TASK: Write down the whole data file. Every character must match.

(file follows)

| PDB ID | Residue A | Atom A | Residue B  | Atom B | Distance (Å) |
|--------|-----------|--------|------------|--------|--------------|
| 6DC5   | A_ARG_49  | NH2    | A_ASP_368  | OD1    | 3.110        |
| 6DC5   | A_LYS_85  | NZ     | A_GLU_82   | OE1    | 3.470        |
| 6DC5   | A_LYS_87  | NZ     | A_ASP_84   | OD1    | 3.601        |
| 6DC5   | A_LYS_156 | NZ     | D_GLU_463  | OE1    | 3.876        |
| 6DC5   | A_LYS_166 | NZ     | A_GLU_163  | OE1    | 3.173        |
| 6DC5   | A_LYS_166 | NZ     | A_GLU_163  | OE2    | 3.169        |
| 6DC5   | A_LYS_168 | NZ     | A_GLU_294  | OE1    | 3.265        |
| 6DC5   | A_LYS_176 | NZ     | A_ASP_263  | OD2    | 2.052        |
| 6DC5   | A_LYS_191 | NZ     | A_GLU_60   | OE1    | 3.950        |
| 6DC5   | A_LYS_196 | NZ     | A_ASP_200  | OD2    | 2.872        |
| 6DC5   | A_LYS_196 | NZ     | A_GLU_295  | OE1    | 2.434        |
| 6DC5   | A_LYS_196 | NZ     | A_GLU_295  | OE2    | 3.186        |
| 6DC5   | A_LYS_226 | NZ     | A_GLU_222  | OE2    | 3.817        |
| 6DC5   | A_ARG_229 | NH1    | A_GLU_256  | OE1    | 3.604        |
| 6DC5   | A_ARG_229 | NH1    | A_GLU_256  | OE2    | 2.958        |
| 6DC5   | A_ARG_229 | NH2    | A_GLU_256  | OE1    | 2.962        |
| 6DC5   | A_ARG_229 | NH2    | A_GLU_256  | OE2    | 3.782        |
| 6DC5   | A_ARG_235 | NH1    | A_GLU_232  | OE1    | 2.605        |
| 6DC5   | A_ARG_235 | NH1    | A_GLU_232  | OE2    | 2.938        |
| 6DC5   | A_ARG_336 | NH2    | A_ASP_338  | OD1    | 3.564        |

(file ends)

| PDB ID | Residue A | Atom A | Residue B  | Atom B | Distance (Å) |
|--------|-----------|--------|------------|--------|--------------|
| 6DC5   | A_ARG_49  | NH2    | A_ASP_368  | OD1    | 3.110        |
| 6DC5   | A_LYS_85  | NZ     | A_GLU_82   | OE1    | 3.470        |
| 6DC5   | A_LYS_87  | NZ     | A_ASP_84   | OD1    | 3.601        |
| 6DC5   | A_LYS_156 | NZ     | D_GLU_463  | OE1    | 3.876        |
| 6DC5   | A_LYS_166 | NZ     | A_GLU_163  | OE1    | 3.173        |
| 6DC5   | A_LYS_166 | NZ     | A_GLU_163  | OE2    | 3.169        |
| 6DC5   | A_LYS_168 | NZ     | A_GLU_294  | OE1    | 3.265        |
| 6DC5   | A_LYS_176 | NZ     | A_ASP_263  | OD2    | 2.052        |
| 6DC5   | A_LYS_191 | NZ     | A_GLU_60   | OE1    | 3.950        |
| 6DC5   | A_LYS_196 | NZ     | A_ASP_200  | OD2    | 2.872        |
| 6DC5   | A_LYS_196 | NZ     | A_GLU_295  | OE1    | 2.434        |
| 6DC5   | A_LYS_196 | NZ     | A_GLU_295  | OE2    | 3.186        |
| 6DC5   | A_LYS_226 | NZ     | A_GLU_222  | OE2    | 3.817        |
| 6DC5   | A_ARG_229 | NH1    | A_GLU_256  | OE1    | 3.604        |
| 6DC5   | A_ARG_229 | NH1    | A_GLU_256  | OE2    | 2.958        |
| 6DC5   | A_ARG_229 | NH2    | A_GLU_256  | OE1    | 2.962        |
| 6DC5   | A_ARG_229 | NH2    | A_GLU_256  | OE2    | 3.782        |
| 6DC5   | A_ARG_235 | NH1    | A_GLU_232  | OE1    | 2.605        |
| 6DC5   | A_ARG_235 | NH1    | A_GLU_232  | OE2    | 2.938        |
| 6DC5   | A_ARG_336 | NH2    | A_ASP_338  | OD1    | 3.564        |